Looking Back: Franklin, Southampton feel effects of war

Published 5:09 pm Tuesday, March 3, 2020

March 1945

World War II is raging on. On the home-front, various activities in support of the war effort are on-going. In particular, the 1945 War Fund Drive for the American Red Cross is going on throughout the United States for the entire month of March, and the greater exigencies of war, with which there enters in the serious flood conditions on the Ohio River, make it imperative that all good citizens do more than ever to meet the quotas assigned us in this county and town. It would not be a bad idea if you have been giving $1.00 before to give at least $2.00 now, and if you have considered yourself in the $5.00 class, please raise it to a “tenner” — you will feel better in your heart and soul way down to the ends of your fingers and toes — and you will never miss the money.

James L. Camp Jr., by the way — a veteran of World War I, is Chairman for the Franklin District of Southampton County, with James T. Gillette, Chairman for the rest of the County. The Franklin District has a quota of $5,500 and the rest of the county has a quota of $14,300.

If you do not realize the more widely extended needs of the Red Cross you simply have not thought out the situation as it really exists. So just thank God very gratefully for your own fortunate condition and give as liberally as possible. Give for those that have experienced the misfortunes of war, or flood, or pestilences. Some people have been reduced to stark absolute poverty and have pressing and immediate needs for the simple essentials of life — food and clothing and warmth.

The workers for the Franklin District with Mr. Camp, all of whom are experienced and loyal solicitors, are Mrs. F.F. Jenkins, for the schools; S.W. Rawls Sr., for the business district; Miss Dollie Williams, for the residential sections of the town and Franklin District; R.E.L. Wheless, for Chesapeake-Camp Corporation; L. Britt Holland, for Camp Manufacturing Company; L.A. McLear, for the Taggart Paper Bag Corporation; W.R. Thomas, for the Colored community; Wesley H. Beale, for Franklin Peanut Company; and R.A. Pretlow Jr., for the Pretlow Peanut Company.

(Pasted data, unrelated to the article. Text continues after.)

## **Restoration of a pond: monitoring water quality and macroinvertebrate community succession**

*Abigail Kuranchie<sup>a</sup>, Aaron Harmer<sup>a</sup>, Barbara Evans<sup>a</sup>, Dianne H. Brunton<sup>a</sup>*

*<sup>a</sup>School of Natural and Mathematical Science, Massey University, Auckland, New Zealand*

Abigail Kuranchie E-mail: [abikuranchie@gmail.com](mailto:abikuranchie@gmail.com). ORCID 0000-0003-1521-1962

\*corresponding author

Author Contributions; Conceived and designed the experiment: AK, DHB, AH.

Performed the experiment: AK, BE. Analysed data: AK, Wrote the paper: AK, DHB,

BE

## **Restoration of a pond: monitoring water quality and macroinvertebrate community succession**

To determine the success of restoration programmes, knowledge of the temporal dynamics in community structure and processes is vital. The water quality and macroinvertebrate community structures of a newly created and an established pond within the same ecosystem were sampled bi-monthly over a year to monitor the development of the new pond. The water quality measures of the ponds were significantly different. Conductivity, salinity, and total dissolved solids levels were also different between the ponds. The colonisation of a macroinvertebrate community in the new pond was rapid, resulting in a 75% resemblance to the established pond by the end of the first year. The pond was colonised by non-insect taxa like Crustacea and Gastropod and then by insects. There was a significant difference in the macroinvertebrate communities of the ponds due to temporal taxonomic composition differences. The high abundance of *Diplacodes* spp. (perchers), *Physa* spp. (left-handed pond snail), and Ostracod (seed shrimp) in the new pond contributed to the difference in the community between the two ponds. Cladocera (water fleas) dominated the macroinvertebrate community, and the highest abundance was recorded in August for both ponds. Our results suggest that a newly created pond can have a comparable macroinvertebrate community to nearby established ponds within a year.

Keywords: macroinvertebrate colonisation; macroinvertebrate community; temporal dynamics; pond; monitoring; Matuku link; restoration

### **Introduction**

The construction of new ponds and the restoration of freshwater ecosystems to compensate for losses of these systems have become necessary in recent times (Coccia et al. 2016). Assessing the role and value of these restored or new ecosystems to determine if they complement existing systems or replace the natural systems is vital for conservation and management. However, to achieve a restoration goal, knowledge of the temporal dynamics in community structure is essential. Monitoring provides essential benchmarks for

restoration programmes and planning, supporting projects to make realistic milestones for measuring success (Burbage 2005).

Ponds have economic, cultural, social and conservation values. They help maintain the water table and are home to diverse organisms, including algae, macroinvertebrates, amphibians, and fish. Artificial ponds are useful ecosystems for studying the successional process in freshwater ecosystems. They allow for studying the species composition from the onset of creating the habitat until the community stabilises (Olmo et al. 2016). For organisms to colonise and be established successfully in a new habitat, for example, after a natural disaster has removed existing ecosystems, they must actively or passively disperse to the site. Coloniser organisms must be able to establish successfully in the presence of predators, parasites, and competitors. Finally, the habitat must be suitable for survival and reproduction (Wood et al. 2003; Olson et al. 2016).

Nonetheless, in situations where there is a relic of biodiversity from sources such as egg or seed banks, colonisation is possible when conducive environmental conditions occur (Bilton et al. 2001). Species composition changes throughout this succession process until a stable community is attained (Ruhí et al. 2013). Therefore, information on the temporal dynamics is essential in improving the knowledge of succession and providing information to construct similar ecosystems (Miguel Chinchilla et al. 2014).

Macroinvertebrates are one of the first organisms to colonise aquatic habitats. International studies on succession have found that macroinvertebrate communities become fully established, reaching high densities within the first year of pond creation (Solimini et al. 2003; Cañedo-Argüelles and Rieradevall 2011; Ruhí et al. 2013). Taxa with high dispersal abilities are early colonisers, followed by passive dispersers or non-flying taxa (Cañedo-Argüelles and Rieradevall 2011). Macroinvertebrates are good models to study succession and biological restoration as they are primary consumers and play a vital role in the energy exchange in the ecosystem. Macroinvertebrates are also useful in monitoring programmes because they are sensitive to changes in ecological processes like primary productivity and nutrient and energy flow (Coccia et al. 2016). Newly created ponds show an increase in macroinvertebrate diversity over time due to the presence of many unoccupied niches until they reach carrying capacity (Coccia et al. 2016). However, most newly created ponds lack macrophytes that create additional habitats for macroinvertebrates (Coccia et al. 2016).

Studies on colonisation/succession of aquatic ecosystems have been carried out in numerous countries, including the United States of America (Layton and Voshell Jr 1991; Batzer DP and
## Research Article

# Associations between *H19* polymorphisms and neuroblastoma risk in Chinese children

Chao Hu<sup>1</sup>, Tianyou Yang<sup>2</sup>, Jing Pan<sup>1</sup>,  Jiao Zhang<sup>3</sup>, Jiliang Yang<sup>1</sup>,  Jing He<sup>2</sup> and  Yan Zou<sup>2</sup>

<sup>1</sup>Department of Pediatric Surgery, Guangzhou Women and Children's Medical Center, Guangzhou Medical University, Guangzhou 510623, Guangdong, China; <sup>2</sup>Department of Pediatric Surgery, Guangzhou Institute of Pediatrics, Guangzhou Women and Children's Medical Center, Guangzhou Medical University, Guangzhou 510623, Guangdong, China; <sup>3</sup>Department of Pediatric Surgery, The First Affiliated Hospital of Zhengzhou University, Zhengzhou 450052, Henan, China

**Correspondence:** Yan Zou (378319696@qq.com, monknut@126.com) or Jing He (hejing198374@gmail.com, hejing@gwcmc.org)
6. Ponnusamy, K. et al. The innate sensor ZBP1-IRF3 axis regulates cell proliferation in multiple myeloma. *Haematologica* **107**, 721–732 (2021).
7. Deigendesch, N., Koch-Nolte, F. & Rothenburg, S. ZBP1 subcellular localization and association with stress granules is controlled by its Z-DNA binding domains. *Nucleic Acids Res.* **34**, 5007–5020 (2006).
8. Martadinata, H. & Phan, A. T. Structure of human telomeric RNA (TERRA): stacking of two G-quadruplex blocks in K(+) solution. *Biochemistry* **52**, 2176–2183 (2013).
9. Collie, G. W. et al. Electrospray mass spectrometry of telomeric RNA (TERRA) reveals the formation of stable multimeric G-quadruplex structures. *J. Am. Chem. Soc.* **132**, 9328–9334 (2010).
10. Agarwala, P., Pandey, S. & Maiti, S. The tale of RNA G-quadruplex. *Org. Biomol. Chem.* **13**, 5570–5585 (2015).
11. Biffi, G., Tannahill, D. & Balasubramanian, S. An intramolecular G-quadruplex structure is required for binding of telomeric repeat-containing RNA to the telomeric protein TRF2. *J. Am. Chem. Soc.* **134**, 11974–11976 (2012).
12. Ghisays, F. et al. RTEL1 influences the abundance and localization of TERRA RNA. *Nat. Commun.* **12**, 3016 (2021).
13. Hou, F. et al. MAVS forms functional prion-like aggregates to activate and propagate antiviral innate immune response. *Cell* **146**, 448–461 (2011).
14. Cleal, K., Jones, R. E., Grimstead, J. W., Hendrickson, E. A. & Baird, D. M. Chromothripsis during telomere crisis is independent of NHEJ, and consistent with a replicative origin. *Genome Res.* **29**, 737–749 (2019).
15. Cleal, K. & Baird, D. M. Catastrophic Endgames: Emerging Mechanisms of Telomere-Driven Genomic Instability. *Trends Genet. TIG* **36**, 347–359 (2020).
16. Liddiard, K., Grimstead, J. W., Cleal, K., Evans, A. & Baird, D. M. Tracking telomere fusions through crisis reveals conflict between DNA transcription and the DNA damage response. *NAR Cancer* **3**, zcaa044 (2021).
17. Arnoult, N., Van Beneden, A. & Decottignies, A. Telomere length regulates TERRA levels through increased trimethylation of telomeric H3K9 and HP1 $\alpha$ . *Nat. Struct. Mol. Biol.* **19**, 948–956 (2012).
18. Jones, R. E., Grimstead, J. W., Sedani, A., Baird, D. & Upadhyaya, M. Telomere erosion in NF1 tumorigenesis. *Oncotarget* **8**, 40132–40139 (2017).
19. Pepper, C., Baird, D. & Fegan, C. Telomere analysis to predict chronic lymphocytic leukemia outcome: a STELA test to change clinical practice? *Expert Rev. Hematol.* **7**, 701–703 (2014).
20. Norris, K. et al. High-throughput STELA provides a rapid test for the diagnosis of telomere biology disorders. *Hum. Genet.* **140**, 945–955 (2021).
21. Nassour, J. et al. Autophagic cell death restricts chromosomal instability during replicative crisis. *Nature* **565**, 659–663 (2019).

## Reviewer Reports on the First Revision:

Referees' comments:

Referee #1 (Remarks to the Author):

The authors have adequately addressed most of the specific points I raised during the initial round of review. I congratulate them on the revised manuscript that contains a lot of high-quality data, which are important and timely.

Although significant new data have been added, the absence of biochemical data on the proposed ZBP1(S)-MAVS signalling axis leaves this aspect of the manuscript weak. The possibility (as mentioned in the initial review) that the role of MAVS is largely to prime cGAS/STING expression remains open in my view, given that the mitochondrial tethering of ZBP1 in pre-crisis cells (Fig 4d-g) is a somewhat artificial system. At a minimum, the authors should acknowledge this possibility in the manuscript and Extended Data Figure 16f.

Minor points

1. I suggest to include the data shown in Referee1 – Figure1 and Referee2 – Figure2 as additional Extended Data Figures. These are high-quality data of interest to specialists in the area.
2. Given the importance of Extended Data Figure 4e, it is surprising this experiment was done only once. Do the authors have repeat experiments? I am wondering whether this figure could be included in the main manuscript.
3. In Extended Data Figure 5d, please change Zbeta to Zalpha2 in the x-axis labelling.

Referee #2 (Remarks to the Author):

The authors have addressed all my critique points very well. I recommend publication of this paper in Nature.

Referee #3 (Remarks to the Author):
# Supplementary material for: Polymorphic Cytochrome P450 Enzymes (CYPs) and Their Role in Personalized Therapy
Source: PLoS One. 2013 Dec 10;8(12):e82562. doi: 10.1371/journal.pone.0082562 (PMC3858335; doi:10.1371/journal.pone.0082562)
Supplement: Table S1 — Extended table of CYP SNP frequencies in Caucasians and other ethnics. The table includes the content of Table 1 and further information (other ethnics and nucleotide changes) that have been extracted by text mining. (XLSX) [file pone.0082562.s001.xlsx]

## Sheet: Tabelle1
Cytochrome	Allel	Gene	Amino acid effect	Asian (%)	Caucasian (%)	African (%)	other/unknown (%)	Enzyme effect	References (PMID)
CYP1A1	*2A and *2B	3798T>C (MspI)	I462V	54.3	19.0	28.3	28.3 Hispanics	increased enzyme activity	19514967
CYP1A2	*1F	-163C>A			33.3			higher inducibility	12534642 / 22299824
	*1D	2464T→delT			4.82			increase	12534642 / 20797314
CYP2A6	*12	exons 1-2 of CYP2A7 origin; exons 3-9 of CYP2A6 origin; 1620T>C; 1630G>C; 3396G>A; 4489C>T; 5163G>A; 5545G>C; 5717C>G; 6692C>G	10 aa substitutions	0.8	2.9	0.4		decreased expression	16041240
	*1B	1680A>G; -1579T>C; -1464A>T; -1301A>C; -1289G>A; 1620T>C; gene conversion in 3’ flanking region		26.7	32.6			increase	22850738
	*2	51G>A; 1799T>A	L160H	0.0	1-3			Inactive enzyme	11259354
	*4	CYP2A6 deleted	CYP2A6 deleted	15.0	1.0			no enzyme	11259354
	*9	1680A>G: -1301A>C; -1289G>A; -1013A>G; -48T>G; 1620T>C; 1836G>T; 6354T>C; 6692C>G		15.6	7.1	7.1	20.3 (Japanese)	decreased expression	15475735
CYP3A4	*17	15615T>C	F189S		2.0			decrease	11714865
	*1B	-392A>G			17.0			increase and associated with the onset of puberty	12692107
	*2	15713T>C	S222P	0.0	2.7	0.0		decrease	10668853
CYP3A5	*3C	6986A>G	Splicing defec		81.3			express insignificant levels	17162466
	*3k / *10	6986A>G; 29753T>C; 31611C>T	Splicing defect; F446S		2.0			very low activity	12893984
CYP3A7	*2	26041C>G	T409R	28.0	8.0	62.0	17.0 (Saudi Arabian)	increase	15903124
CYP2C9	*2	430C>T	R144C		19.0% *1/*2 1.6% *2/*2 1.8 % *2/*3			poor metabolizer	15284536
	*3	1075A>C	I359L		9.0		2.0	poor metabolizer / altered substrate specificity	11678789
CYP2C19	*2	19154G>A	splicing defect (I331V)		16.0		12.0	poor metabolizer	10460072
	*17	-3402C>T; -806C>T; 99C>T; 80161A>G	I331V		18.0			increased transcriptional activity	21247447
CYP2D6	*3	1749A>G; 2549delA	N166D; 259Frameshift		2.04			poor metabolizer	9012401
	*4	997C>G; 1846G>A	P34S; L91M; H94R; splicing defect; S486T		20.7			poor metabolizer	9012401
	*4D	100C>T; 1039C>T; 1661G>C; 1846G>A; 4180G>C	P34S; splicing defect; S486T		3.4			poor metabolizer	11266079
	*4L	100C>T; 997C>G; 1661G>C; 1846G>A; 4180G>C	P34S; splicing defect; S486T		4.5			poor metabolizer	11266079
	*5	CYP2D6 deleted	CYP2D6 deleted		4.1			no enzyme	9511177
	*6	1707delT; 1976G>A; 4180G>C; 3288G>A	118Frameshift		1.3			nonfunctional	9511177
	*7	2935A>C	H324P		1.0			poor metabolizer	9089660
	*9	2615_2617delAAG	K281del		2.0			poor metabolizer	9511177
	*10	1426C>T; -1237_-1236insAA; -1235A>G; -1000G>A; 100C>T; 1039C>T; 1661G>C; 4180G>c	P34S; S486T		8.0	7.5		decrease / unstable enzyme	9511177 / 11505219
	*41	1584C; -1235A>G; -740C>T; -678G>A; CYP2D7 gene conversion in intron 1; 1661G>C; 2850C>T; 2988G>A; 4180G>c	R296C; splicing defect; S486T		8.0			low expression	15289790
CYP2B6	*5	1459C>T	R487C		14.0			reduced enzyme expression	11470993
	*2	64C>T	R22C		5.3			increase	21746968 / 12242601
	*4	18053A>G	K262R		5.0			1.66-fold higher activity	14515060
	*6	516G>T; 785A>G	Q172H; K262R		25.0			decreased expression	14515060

Sadly, we here at The Tidewater News have been notified of the death of Corporal Glenn Bridges, 28-year-old son of Mr. and Mrs. Oscar Bridges of Franklin. He was killed in action in Germany on Feb. 21, 1945. Glenn was a Technician Fifth Grade with Anti-Tank Company, 115th Infantry of the 29th Infantry Division and had been overseas since October 1942. He entered the Army in April 1941 and received his basic training at Fort Meade, Maryland and also six weeks of training at Camp Blanding, Florida.

Corporal Bridges participated in the invasion of France, landing on the famed “Omaha Beach” on D-Day and also in the battles of Isigny, Vire River, St. Lo, Brest, Li`ege, and Aachen. He was killed somewhere on the Roer River. He wore the Good Conduct Medal, Combat Infantryman’s Badge, and Sharpshooter’s Medal.

Bridges was a native of Georgia, coming to Southampton County in 1931, and attended high school at Newsoms. He was married in May of 1942 to Miss Virginia Whitfield, daughter of Mr. and Mrs. S.E. Whitfield of Handsom. Besides his wife and parents, Bridges is survived by two brothers, Hubert and Gordon Bridges of Franklin.

And, we have been notified that Private First-Class Lane Close, 19-year-old son of Mr. and Mrs. W. Kenneth Close of Sedley, died Feb. 27 in Germany of wounds received the previous day. He was with Company “A,” 134th Infantry serving under General Patton’s Third U. S. Army. He had been overseas since November of 1944 and in active combat since the first of December.

In addition to his father and mother, he is survived by five brothers and three sisters. He was a nephew of George J. Lane of Franklin with whom he made his home while attending Franklin High School. While there, he was active in school athletics, graduating in the class of 1943.

Major John E. (Jack) Ray is home on leave. He reached Franklin last Saturday after spending a little more than a year in the European War Theater with the 9th Air Force in which he had flown 98 missions. He has had his share of close calls.

Major Ray took an active part in the D-Day invasion of Normandy, and his group moved to Normandy in July 1944, supporting the break-through at Saint Lo. Moving first from Normandy to a field near Paris, he went next to Rheims and then to Belgium. He was promoted to a captaincy in the Summer of 1944 and became a Major Jan. 1, 1945.

Earlier this year, Major Ray survived a crash landing of his aircraft in Germany.

He is spending some leave-time here with his wife and their little daughter, Margaret, and with his parents, Dr. and Mrs. Burton J. Ray.

He will report back for duty at Miami, Florida, April 17. Major Ray won his wings at Kelly Field, Texas, in August 1942, spending some time in training at Army airfields at Savannah, Tampa, Orlando, and Myrtle Beach going from the last-named field overseas with the rank of 1st Lieutenant in March 1944.

CLYDE PARKER is a retired human resources manager for the former Franklin Equipment Co. and a member of the southampton County Historical Society. His email address is magnolia101@charter.net.